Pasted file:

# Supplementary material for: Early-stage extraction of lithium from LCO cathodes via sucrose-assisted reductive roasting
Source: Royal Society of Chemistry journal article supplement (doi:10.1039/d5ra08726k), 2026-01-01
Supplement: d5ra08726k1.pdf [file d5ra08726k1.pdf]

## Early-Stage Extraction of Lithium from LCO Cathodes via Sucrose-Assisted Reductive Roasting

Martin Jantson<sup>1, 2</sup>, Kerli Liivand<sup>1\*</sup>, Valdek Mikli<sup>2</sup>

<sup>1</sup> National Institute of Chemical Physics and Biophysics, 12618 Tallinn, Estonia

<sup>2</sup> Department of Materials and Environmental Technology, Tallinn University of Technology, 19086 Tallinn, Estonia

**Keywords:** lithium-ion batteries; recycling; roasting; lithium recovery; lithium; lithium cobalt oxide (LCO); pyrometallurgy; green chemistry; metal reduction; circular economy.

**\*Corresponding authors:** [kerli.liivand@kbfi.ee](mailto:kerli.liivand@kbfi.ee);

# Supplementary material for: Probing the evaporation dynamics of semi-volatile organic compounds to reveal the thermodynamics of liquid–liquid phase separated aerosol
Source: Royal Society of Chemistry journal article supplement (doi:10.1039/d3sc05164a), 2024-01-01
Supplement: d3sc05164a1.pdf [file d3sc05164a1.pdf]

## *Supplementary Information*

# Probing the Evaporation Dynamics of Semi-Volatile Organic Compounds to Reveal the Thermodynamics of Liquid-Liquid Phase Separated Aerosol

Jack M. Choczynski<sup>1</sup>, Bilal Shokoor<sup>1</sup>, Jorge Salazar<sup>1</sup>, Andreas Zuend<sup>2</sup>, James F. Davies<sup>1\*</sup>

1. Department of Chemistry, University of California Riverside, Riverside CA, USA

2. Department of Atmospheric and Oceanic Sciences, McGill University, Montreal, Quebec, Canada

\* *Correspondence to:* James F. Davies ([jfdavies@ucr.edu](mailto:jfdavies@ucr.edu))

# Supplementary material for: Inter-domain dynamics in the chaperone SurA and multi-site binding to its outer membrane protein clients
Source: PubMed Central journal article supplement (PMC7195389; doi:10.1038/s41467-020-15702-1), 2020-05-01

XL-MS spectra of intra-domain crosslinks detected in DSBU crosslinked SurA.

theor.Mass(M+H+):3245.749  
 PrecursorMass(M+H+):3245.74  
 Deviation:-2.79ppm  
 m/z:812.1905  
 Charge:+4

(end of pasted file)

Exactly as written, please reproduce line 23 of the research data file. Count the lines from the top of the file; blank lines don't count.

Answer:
 PrecursorMass(M+H+):3245.74  